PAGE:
Research and Innovation

Need for Speed in Business Model Innovation

 
May 9, 2018

There is considerable untapped value in the emerging connected ecosystems for automobiles, airlines, cities, and homes. A wide variety of industry players can offer new value to these ecosystems by leveraging data innovation, thanks to rapid advances in artificial intelligence, cognitive technologies, self-healing automation, software defined technologies for networks, machines, and systems, and the internet of things (IoT).

Innovations in these fields have enabled an unprecedented level of visibility into operations and systems, making it easier to conduct what-if scenarios, predict faults, and understand customer and system behavior. With such changing dynamics, multiple players are scrambling to innovate to offer the same value, causing disintermediation and putting the longevity of existing business models across industries at risk. There is, thus, an urgent need to innovate with speed; the opportunities are endless.

For example:

  • Retailers can provide location-based, preference-based, and contextual offers
  • Communication service providers can cross-sell value-added services
  • Insurance companies can develop usage-based and risk-based insurance models
  • OEMs can offer proactive maintenance service and package new experiences
  • Suppliers can get feedback on their products and services in near real time
  • Fleet operators, governments, and public utilities can provide better citizen services, such as scheduling parking and toll automation

Rough Road Ahead

However, organizations face certain challenges to innovation agility, beginning with a lack of digital skills in emerging technologies and leadership. The rapid pace of evolution of technologies is causing skill gaps in emerging technologies, especially on the supply side (academia). This makes it difficult for enterprises to respond to new opportunity with speed. Therefore, many firms have embarked on digital re-skilling programs for their employees, or set up advanced/emerging technology centers.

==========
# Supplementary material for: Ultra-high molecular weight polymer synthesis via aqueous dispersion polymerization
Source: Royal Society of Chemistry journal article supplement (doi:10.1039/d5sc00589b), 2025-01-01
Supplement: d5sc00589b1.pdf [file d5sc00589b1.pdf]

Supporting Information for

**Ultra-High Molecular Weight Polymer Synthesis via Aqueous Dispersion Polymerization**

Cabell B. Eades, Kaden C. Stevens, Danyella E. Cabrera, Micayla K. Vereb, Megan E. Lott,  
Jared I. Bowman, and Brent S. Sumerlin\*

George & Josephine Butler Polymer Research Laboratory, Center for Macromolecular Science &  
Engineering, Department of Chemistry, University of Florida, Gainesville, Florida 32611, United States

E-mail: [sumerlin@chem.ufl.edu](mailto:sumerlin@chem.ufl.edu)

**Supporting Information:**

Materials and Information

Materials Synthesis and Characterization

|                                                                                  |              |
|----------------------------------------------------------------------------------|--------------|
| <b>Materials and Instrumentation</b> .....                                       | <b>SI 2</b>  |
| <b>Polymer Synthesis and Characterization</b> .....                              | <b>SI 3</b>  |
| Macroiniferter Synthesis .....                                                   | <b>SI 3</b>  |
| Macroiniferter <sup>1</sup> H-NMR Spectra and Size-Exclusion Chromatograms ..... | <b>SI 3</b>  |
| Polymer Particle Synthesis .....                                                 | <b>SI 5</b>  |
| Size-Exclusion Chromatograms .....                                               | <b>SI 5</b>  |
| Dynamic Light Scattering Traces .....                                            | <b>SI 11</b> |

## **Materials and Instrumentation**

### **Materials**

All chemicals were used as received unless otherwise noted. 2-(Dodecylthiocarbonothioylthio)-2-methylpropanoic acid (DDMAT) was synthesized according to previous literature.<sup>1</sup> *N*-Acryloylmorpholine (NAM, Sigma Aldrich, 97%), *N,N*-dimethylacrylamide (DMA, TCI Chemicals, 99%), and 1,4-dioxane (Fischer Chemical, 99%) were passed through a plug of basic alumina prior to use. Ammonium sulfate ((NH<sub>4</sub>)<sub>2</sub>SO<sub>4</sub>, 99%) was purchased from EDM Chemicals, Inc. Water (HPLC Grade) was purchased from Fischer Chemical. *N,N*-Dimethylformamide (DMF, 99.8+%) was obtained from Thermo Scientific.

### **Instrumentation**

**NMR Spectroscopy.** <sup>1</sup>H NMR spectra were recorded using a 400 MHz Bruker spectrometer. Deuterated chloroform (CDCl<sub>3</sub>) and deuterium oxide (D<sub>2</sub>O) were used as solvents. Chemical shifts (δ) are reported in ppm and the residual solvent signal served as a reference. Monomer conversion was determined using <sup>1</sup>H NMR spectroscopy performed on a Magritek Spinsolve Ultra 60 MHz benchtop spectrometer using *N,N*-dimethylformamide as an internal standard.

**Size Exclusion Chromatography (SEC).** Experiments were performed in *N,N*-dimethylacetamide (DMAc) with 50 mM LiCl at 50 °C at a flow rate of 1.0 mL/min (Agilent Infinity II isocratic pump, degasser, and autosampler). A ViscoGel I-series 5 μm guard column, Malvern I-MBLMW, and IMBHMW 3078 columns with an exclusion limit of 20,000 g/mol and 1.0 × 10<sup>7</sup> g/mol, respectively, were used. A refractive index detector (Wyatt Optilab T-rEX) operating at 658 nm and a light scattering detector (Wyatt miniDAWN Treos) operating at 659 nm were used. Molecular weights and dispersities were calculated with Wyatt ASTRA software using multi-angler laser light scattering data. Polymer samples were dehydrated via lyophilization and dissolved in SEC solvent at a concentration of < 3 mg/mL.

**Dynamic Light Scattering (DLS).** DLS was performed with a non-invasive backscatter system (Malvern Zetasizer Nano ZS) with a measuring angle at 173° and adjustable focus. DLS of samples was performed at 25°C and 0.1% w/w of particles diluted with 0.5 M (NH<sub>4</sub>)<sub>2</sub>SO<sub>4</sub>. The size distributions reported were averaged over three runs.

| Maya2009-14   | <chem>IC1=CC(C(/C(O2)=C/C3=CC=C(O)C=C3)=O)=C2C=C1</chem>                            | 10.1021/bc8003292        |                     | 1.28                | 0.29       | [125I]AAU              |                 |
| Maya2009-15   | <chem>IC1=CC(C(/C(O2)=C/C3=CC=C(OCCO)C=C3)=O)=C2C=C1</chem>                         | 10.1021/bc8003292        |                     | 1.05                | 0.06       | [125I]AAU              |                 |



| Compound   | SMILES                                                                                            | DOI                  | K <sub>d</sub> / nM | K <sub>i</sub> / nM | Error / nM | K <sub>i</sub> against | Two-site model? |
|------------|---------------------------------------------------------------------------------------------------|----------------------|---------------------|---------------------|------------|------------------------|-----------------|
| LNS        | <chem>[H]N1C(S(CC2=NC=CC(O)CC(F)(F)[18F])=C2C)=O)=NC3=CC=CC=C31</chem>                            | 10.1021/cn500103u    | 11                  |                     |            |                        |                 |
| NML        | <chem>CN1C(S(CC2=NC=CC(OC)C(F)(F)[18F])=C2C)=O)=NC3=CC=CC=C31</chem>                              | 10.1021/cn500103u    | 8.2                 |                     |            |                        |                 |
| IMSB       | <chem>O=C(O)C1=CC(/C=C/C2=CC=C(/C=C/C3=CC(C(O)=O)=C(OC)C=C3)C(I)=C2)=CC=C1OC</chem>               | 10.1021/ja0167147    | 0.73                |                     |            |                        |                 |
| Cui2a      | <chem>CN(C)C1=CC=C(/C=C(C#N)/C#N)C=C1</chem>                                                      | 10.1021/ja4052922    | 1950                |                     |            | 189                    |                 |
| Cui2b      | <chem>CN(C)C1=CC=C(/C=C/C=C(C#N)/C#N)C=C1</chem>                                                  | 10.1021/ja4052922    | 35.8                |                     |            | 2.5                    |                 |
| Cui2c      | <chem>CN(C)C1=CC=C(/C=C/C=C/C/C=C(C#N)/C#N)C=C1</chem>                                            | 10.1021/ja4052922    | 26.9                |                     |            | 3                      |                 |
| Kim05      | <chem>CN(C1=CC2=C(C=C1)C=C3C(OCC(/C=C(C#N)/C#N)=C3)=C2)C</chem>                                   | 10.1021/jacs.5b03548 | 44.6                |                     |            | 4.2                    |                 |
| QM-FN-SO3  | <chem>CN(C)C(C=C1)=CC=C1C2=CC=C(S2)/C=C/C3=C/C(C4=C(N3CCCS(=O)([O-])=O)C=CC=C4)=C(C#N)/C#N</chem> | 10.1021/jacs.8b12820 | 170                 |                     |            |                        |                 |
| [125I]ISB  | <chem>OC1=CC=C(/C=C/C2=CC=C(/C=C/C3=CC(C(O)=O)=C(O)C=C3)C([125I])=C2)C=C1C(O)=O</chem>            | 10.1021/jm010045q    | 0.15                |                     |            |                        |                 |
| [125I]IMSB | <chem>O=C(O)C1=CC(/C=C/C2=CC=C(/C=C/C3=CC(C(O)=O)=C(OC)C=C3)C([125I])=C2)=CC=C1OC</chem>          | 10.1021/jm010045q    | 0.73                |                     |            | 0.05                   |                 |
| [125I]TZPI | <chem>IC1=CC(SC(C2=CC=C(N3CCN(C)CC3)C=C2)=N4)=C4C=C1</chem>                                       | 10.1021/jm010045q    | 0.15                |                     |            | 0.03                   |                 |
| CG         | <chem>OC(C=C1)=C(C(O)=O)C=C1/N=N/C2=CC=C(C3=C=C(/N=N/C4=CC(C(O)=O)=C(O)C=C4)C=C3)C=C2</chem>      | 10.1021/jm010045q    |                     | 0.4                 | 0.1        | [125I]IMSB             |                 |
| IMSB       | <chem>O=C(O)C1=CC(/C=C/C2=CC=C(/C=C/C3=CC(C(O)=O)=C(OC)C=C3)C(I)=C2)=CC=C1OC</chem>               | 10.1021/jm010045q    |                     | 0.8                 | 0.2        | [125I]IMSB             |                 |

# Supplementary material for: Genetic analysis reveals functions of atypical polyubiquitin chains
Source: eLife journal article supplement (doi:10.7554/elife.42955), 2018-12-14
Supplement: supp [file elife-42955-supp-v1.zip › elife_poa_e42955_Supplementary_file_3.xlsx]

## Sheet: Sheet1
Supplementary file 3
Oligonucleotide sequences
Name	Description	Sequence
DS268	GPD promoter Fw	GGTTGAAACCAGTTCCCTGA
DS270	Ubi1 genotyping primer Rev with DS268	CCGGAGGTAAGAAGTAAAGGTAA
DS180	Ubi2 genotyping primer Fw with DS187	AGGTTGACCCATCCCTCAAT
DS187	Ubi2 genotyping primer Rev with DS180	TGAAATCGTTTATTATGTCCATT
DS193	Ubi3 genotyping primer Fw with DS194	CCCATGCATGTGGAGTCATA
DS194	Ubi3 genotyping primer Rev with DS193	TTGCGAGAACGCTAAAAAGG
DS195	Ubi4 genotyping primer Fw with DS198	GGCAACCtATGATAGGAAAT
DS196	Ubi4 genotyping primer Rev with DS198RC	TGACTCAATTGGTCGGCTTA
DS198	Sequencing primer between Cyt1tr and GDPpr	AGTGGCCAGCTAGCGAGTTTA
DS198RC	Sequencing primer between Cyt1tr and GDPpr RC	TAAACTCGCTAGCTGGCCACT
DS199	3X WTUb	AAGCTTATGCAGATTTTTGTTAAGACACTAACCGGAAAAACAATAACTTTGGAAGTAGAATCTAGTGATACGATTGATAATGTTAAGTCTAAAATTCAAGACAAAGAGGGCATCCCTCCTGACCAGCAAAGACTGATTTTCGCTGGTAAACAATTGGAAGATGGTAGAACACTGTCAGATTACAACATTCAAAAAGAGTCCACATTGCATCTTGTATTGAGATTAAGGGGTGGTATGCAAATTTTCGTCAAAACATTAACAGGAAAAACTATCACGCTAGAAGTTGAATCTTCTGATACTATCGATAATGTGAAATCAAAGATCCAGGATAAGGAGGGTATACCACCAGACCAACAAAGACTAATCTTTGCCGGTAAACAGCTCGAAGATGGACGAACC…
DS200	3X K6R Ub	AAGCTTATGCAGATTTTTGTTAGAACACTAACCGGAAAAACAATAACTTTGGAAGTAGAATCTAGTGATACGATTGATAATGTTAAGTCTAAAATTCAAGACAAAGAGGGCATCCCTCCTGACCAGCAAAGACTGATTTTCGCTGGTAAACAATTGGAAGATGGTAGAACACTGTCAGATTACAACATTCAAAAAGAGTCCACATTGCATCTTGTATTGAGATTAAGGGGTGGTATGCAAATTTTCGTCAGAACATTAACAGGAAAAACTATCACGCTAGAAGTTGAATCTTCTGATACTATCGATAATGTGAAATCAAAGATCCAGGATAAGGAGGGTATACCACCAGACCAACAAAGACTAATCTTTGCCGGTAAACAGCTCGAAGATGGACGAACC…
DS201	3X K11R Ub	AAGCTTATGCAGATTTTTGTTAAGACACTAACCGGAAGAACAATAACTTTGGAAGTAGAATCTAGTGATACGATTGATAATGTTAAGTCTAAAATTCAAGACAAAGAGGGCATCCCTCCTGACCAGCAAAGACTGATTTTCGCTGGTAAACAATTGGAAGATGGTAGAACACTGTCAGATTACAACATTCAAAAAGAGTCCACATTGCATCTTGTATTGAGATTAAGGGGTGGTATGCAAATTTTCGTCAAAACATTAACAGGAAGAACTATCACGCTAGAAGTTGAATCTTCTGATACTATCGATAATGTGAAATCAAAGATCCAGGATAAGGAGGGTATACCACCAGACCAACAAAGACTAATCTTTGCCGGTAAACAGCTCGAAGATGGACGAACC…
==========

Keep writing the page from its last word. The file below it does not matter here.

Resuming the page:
Also, organizing for innovation is equally difficult. Corporate silos or value engines that work well for established business lines have served well for existing business. However, consider an initiative like a connected car, which impacts product engineering, supply chain, marketing, and offers companies a strategic-level open opportunity to take leadership in the connected car ecosystem. This would require a new structure that cuts across multiple departments and functions.

The next challenge is ecosystem complexity. New, combinatorial value equations cause some enterprises to wait and watch, while others take riskier bets by partnering with some of the players in the ecosystem and alienating others. This, in turn, causes others in the ecosystem to react and build their own partnerships and platforms.

We are already seeing this in the cars, smart homes, and airlines ecosystems, where there are overlapping platforms, products, and interests. Leadership in such an ecosystem requires complex relationships to be built and sustained, and there is a need for partners in the ecosystem to embrace open platforms and innovations.

Innovation Pioneers

In such a complex scenario, start-ups and corporate incubators have been the ones to show the path to agility, cut across silos, and reach out externally to partners in the ecosystem. For example, start-ups have been at the forefront in terms of monetizing data from connected cars for the larger ecosystem. What works in their favor is agility, the ability to build new relationships and deploy new business models, and technology skills in emerging technologies such as data privacy, data engineering, IoT, and security.

Learning from start-ups, a way for enterprises to address the velocity of innovation is to tap into the abundant entrepreneurship talent within the enterprise, and offer them the kind of innovation environment that is found in successful incubators and start-up accelerators. This will allow the intrapreneurs to cut across organizational silos, build or source the right technology skills, and lead experimentation in the ecosystem with a rapid innovation cycle.

In addition, it is important for the intrapreneurs to incorporate the principles of lean start-ups, design thinking, and agile development in their work, and develop capabilities rapidly. It is better to take risks, fail fast based on market feedback, and pivot or course-correct, than spend too much time or resources on creating products and services that no one wants.

Anil Sharma has been with Tata Consultancy Services (TCS) for more than 21 years, and currently heads the Entrepreneurship Program at TCS. This program runs incubators for internal start-ups that have big-bet potential, and is currently supporting start-ups focused on drones, IoT, devops, and cognitive transformation. In his previous role with TCS Incubation, Sharma played a key role in incubating the digital marketing and IoT business.